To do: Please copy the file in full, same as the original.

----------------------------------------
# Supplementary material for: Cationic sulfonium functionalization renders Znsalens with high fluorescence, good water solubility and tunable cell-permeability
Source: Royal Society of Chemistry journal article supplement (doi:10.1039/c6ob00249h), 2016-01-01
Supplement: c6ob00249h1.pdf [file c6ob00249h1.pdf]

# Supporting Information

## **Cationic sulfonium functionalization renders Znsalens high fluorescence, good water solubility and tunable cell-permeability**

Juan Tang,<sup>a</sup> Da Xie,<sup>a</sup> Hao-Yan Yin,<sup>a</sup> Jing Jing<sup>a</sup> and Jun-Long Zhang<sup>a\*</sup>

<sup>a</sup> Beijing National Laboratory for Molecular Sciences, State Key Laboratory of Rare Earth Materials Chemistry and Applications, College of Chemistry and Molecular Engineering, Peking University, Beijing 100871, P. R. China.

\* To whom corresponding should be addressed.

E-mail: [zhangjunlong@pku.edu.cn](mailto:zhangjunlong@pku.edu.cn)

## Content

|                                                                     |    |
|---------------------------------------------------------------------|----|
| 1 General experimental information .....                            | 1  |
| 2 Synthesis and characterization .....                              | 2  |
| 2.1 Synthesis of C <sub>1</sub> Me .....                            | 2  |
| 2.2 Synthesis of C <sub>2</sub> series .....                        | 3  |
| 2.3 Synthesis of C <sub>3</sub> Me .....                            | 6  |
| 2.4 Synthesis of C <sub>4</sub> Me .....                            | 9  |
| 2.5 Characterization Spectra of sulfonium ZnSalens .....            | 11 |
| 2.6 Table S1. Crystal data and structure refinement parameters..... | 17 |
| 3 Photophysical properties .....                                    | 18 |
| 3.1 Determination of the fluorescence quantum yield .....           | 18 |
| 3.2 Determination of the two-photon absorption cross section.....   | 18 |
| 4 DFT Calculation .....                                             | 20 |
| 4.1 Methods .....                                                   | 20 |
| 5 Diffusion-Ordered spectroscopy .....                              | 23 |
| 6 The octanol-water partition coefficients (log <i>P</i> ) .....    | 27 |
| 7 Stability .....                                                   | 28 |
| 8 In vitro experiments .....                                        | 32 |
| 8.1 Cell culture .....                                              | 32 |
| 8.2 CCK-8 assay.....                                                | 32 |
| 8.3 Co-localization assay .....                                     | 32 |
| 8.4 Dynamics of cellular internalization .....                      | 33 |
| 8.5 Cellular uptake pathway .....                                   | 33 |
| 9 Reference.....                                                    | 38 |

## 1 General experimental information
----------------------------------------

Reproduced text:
# Supplementary material for: Cationic sulfonium functionalization renders Znsalens with high fluorescence, good water solubility and tunable cell-permeability
Source: Royal Society of Chemistry journal article supplement (doi:10.1039/c6ob00249h), 2016-01-01
Supplement: c6ob00249h1.pdf [file c6ob00249h1.pdf]

# Supporting Information

## **Cationic sulfonium functionalization renders Znsalens high fluorescence, good water solubility and tunable cell-permeability**

Juan Tang,<sup>a</sup> Da Xie,<sup>a</sup> Hao-Yan Yin,<sup>a</sup> Jing Jing<sup>a</sup> and Jun-Long Zhang<sup>a\*</sup>

<sup>a</sup> Beijing National Laboratory for Molecular Sciences, State Key Laboratory of Rare Earth Materials Chemistry and Applications, College of Chemistry and Molecular Engineering, Peking University, Beijing 100871, P. R. China.

\* To whom corresponding should be addressed.

E-mail: [zhangjunlong@pku.edu.cn](mailto:zhangjunlong@pku.edu.cn)

## Content

|                                                                     |    |
|---------------------------------------------------------------------|----|
| 1 General experimental information .....                            | 1  |
| 2 Synthesis and characterization .....                              | 2  |
| 2.1 Synthesis of C <sub>1</sub> Me .....                            | 2  |
| 2.2 Synthesis of C <sub>2</sub> series .....                        | 3  |
| 2.3 Synthesis of C <sub>3</sub> Me .....                            | 6  |
| 2.4 Synthesis of C <sub>4</sub> Me .....                            | 9  |
| 2.5 Characterization Spectra of sulfonium ZnSalens .....            | 11 |
| 2.6 Table S1. Crystal data and structure refinement parameters..... | 17 |
| 3 Photophysical properties .....                                    | 18 |
| 3.1 Determination of the fluorescence quantum yield .....           | 18 |
| 3.2 Determination of the two-photon absorption cross section.....   | 18 |
| 4 DFT Calculation .....                                             | 20 |
| 4.1 Methods .....                                                   | 20 |
| 5 Diffusion-Ordered spectroscopy .....                              | 23 |
| 6 The octanol-water partition coefficients (log <i>P</i> ) .....    | 27 |
| 7 Stability .....                                                   | 28 |
| 8 In vitro experiments .....                                        | 32 |
| 8.1 Cell culture .....                                              | 32 |
| 8.2 CCK-8 assay.....                                                | 32 |
| 8.3 Co-localization assay .....                                     | 32 |
| 8.4 Dynamics of cellular internalization .....                      | 33 |
| 8.5 Cellular uptake pathway .....                                   | 33 |
| 9 Reference.....                                                    | 38 |

## 1 General experimental information